Your class rank also means very little. It’s important that you don’t fail. My school happened to have the top COMLEX scores in the country the year I graduated...so how do you compare an average student at the top scoring school to the average student at the lowest scoring school? It’s why most programs don’t really care about class rank. Definitely don’t fail and try your best to learn the material because it will be reflected in your USMLE score. I’d also try to be a strong well rounded applicant and audition within the state of California.
     
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  3. RangerBob

    Physician 5+ Year Member

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    I’d like to echo j4pac’s advice. In addition, try to keep an open mind on programs. I initially wanted to return to CA for residency. I did two award there. I ended up declining the interview at one program because I had enough interviews to be comfortable and I just didn’t think the program was a good fit (I was rather surprised, in a bad way, with my rotation there).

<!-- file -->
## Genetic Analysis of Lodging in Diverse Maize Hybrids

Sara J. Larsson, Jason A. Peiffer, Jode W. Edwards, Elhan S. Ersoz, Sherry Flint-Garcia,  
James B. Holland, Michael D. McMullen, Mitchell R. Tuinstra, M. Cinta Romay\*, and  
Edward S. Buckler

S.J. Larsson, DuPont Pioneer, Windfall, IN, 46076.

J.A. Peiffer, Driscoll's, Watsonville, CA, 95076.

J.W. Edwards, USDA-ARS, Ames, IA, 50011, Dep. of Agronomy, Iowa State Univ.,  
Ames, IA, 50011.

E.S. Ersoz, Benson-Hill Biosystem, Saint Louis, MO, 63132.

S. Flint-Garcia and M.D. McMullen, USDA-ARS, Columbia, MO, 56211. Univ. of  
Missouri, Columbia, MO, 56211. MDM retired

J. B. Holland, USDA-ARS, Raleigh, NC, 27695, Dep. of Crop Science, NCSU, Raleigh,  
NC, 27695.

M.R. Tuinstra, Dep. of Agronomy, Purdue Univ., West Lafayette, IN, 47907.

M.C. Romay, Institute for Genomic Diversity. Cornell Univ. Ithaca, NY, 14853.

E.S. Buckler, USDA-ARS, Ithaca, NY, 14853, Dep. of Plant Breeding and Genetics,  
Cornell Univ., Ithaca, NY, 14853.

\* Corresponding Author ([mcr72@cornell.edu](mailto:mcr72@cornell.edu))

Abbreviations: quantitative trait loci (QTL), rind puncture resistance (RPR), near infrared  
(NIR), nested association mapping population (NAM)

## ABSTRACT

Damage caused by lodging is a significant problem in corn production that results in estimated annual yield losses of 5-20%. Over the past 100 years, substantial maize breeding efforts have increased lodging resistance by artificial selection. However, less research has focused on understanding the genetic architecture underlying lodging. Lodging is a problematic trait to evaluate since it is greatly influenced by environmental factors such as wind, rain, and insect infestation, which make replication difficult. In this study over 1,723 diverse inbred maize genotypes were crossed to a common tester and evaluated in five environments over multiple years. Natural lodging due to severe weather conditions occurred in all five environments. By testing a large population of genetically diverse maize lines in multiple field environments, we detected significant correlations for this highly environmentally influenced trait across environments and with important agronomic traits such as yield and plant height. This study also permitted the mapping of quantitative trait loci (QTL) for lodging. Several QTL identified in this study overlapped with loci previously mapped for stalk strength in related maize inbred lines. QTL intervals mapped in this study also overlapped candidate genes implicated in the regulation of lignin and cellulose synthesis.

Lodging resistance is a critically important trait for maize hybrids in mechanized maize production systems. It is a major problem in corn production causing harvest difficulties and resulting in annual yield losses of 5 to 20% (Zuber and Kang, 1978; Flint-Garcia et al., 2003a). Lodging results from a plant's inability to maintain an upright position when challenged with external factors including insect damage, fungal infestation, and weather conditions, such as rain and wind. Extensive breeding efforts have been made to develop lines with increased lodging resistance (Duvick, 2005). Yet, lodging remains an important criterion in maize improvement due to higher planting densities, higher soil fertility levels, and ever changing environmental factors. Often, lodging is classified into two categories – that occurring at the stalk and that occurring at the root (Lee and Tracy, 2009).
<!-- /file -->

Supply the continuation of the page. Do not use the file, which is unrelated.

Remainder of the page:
CA programs just generally don’t have the reputation/good balance that many other programs have. They are more competitive than they would be if they were located elsewhere-lots of people just want to be in CA. Most CA programs are too outpatient focused and are not strong for inpatient rehab (though most applicants seem more interested in outpatient), with the exception of Stanford, which seems pretty well balanced.